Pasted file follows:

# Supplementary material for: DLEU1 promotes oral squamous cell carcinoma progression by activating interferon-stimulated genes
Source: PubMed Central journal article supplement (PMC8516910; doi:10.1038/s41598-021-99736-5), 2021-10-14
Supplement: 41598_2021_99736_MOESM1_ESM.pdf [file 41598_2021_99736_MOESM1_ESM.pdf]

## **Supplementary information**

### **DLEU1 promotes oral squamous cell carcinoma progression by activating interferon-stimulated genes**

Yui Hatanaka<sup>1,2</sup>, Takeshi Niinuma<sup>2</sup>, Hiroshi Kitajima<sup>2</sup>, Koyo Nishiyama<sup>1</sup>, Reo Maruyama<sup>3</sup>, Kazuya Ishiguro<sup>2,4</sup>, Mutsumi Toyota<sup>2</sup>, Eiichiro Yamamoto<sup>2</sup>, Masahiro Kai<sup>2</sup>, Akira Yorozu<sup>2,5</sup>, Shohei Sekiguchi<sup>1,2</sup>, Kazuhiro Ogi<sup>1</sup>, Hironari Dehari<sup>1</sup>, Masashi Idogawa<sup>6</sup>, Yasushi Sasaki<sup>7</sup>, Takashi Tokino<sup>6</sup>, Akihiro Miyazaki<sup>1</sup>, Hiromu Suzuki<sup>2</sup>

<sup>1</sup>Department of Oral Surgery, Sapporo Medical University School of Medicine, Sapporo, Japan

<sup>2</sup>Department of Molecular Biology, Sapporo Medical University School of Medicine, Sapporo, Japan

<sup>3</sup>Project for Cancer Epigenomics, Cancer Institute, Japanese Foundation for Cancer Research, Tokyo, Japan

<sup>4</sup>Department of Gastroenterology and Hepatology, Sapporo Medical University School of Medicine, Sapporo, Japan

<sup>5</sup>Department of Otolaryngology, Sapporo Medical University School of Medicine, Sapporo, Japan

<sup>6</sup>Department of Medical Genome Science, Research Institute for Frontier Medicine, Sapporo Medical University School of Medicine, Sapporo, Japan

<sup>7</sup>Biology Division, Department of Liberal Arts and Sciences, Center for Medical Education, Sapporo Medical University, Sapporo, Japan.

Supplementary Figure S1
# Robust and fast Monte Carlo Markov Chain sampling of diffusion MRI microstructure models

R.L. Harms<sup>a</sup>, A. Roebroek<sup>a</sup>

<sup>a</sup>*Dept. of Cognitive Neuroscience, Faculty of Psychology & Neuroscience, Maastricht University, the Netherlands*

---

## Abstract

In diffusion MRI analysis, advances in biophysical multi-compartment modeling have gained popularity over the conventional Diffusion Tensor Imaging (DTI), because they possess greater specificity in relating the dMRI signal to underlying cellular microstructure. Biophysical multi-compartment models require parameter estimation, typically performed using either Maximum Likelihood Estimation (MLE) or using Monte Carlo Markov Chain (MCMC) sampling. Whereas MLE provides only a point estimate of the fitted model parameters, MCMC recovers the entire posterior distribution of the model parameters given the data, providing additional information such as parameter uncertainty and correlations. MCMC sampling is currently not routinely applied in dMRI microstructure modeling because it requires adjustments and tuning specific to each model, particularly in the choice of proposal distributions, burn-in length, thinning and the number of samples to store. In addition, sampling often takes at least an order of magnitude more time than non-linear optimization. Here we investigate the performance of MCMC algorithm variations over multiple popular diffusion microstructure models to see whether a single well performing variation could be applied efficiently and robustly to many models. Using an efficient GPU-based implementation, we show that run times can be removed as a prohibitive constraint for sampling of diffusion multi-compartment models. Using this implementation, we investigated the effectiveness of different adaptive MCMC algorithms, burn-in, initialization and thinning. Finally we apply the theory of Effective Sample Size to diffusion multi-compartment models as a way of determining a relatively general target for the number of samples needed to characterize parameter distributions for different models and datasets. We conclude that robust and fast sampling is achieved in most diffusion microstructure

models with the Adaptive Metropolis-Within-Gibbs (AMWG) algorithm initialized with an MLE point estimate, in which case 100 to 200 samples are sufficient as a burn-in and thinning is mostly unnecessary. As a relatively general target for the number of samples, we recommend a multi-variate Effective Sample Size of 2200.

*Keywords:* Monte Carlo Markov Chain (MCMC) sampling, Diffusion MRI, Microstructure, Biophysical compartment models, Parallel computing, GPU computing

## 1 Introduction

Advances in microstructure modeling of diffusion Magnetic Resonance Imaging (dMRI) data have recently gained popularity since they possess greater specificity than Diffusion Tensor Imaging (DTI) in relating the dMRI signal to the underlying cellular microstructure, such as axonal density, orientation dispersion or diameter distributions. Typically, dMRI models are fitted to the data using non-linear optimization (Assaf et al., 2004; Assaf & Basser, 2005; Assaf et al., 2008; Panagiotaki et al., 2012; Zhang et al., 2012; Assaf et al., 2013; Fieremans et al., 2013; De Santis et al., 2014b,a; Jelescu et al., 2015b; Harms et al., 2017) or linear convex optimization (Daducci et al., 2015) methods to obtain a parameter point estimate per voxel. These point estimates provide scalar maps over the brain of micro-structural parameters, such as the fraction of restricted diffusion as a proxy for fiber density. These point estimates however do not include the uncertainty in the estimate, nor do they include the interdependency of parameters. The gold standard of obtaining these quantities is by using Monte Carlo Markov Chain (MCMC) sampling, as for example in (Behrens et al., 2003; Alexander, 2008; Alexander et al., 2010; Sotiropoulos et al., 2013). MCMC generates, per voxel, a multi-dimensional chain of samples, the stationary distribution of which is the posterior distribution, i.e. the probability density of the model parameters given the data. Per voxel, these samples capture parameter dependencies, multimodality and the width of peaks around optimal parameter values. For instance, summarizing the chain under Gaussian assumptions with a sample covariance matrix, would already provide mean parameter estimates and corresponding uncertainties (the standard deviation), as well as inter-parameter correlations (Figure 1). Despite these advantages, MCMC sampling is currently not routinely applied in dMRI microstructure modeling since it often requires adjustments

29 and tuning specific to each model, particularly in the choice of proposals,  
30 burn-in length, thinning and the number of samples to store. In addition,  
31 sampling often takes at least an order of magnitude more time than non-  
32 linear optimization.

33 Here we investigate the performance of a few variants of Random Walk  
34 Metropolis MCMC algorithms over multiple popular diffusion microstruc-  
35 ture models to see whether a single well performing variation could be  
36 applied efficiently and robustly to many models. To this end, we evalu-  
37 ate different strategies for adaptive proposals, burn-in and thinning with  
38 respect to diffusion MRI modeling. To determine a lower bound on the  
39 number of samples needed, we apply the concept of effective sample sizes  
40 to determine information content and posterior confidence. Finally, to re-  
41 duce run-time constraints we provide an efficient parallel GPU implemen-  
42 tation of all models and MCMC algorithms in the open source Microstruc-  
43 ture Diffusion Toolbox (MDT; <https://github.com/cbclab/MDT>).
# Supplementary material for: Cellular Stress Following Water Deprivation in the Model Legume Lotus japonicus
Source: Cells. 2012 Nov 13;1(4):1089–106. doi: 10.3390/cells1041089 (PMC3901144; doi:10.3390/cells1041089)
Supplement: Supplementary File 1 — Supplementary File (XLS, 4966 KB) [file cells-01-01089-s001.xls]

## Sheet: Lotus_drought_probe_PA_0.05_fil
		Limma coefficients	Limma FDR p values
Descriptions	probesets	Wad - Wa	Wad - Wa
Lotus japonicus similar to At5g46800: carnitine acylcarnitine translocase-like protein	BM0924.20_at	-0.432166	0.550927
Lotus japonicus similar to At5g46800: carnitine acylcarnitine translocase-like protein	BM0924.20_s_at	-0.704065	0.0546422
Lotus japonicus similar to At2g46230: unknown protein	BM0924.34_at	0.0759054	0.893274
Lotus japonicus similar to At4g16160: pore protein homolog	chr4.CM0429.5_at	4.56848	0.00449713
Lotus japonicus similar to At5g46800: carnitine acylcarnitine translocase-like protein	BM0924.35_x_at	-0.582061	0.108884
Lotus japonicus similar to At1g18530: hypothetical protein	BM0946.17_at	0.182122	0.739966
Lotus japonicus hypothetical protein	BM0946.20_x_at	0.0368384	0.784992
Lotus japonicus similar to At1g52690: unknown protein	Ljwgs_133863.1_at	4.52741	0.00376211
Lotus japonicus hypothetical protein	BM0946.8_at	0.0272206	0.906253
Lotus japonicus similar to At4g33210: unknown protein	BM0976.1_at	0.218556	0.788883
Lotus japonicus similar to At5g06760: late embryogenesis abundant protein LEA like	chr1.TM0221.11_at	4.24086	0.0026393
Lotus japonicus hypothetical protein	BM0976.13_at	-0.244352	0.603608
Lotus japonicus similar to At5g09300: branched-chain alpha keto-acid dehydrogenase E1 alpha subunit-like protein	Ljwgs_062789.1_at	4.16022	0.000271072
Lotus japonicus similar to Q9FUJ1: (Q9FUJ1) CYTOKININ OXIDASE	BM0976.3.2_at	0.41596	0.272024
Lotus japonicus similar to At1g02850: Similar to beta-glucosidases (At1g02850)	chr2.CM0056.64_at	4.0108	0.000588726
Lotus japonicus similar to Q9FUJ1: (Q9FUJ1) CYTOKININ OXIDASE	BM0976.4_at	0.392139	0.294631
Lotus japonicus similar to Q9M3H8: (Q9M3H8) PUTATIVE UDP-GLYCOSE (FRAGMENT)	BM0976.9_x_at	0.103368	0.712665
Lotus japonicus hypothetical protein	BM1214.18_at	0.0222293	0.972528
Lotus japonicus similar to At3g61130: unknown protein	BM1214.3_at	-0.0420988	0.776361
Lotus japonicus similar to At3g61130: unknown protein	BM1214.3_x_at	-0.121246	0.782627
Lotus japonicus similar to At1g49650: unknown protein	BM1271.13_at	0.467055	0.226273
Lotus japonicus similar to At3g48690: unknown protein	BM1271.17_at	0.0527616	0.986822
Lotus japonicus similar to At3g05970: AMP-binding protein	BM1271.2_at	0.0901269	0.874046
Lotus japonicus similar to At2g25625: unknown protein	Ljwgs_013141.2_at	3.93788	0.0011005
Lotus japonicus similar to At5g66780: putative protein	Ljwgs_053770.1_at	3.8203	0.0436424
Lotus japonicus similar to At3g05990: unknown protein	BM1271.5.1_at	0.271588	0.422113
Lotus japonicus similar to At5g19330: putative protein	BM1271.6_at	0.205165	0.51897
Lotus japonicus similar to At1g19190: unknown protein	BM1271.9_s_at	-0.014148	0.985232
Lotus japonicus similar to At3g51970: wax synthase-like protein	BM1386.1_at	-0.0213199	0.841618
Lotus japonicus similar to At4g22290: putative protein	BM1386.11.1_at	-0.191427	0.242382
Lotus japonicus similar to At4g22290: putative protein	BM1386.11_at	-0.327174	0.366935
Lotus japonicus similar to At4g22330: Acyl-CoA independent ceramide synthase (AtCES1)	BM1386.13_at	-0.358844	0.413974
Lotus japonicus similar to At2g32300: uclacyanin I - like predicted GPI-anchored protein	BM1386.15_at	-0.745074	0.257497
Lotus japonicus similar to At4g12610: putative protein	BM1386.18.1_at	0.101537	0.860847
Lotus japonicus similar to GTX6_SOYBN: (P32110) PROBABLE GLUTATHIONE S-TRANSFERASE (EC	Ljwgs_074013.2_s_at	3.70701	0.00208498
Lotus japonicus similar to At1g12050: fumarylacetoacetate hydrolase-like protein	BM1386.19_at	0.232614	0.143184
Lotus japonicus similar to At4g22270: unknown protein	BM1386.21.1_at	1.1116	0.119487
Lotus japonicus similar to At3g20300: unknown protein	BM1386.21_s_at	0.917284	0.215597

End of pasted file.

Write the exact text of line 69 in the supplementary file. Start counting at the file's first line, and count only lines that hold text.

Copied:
Lotus japonicus similar to At2g25625: unknown protein	Ljwgs_013141.2_at	3.93788	0.0011005